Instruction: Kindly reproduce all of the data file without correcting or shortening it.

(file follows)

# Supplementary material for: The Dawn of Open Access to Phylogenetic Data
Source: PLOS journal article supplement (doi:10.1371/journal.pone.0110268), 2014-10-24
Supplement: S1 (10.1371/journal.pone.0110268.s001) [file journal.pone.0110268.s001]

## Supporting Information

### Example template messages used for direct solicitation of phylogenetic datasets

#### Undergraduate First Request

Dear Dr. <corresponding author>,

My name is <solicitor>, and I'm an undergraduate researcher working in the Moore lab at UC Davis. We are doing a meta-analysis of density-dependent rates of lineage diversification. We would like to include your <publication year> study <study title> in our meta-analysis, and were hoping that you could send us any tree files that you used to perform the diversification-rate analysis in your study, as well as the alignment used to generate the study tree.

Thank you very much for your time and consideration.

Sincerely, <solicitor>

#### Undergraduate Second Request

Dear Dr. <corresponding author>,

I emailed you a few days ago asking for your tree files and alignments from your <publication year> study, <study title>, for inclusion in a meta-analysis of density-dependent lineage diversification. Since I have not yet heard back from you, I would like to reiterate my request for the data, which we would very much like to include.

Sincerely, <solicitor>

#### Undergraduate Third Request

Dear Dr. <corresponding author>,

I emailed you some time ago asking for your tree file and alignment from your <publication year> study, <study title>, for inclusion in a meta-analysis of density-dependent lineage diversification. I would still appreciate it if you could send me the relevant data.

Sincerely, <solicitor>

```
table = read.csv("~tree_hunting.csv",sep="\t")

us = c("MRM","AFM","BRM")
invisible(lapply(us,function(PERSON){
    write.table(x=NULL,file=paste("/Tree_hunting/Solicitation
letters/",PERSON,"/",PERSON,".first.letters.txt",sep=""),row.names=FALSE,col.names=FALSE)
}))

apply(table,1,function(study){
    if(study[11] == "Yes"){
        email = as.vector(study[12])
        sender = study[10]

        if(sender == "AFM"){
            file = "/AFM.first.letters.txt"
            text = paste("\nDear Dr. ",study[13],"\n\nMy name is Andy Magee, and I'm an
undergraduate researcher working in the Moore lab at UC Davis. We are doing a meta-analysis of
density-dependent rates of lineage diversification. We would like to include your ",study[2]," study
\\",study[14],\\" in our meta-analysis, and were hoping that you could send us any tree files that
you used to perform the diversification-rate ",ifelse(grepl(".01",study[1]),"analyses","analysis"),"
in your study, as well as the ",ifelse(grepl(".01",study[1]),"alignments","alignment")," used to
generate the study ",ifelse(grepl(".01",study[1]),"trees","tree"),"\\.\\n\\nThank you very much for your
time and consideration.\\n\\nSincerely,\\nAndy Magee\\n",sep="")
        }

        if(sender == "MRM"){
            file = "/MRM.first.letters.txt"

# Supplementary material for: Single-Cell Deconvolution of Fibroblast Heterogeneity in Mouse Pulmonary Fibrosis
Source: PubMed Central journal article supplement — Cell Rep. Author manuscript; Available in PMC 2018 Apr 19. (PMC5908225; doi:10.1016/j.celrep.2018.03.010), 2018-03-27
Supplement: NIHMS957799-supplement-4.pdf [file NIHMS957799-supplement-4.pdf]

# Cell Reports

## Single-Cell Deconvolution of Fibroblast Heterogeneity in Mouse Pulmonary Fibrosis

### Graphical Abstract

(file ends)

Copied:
# Supplementary material for: The Dawn of Open Access to Phylogenetic Data
Source: PLOS journal article supplement (doi:10.1371/journal.pone.0110268), 2014-10-24
Supplement: S1 (10.1371/journal.pone.0110268.s001) [file journal.pone.0110268.s001]

## Supporting Information

### Example template messages used for direct solicitation of phylogenetic datasets

#### Undergraduate First Request

Dear Dr. <corresponding author>,

My name is <solicitor>, and I'm an undergraduate researcher working in the Moore lab at UC Davis. We are doing a meta-analysis of density-dependent rates of lineage diversification. We would like to include your <publication year> study <study title> in our meta-analysis, and were hoping that you could send us any tree files that you used to perform the diversification-rate analysis in your study, as well as the alignment used to generate the study tree.

Thank you very much for your time and consideration.

Sincerely, <solicitor>

#### Undergraduate Second Request

Dear Dr. <corresponding author>,

I emailed you a few days ago asking for your tree files and alignments from your <publication year> study, <study title>, for inclusion in a meta-analysis of density-dependent lineage diversification. Since I have not yet heard back from you, I would like to reiterate my request for the data, which we would very much like to include.

Sincerely, <solicitor>

#### Undergraduate Third Request

Dear Dr. <corresponding author>,

I emailed you some time ago asking for your tree file and alignment from your <publication year> study, <study title>, for inclusion in a meta-analysis of density-dependent lineage diversification. I would still appreciate it if you could send me the relevant data.

Sincerely, <solicitor>

```
table = read.csv("~tree_hunting.csv",sep="\t")

us = c("MRM","AFM","BRM")
invisible(lapply(us,function(PERSON){
    write.table(x=NULL,file=paste("/Tree_hunting/Solicitation
letters/",PERSON,"/",PERSON,".first.letters.txt",sep=""),row.names=FALSE,col.names=FALSE)
}))

apply(table,1,function(study){
    if(study[11] == "Yes"){
        email = as.vector(study[12])
        sender = study[10]

        if(sender == "AFM"){
            file = "/AFM.first.letters.txt"
            text = paste("\nDear Dr. ",study[13],"\n\nMy name is Andy Magee, and I'm an
undergraduate researcher working in the Moore lab at UC Davis. We are doing a meta-analysis of
density-dependent rates of lineage diversification. We would like to include your ",study[2]," study
\\",study[14],\\" in our meta-analysis, and were hoping that you could send us any tree files that
you used to perform the diversification-rate ",ifelse(grepl(".01",study[1]),"analyses","analysis"),"
in your study, as well as the ",ifelse(grepl(".01",study[1]),"alignments","alignment")," used to
generate the study ",ifelse(grepl(".01",study[1]),"trees","tree"),"\\.\\n\\nThank you very much for your
time and consideration.\\n\\nSincerely,\\nAndy Magee\\n",sep="")
        }

        if(sender == "MRM"){
            file = "/MRM.first.letters.txt"

# Supplementary material for: Single-Cell Deconvolution of Fibroblast Heterogeneity in Mouse Pulmonary Fibrosis
Source: PubMed Central journal article supplement — Cell Rep. Author manuscript; Available in PMC 2018 Apr 19. (PMC5908225; doi:10.1016/j.celrep.2018.03.010), 2018-03-27
Supplement: NIHMS957799-supplement-4.pdf [file NIHMS957799-supplement-4.pdf]

# Cell Reports

## Single-Cell Deconvolution of Fibroblast Heterogeneity in Mouse Pulmonary Fibrosis

### Graphical Abstract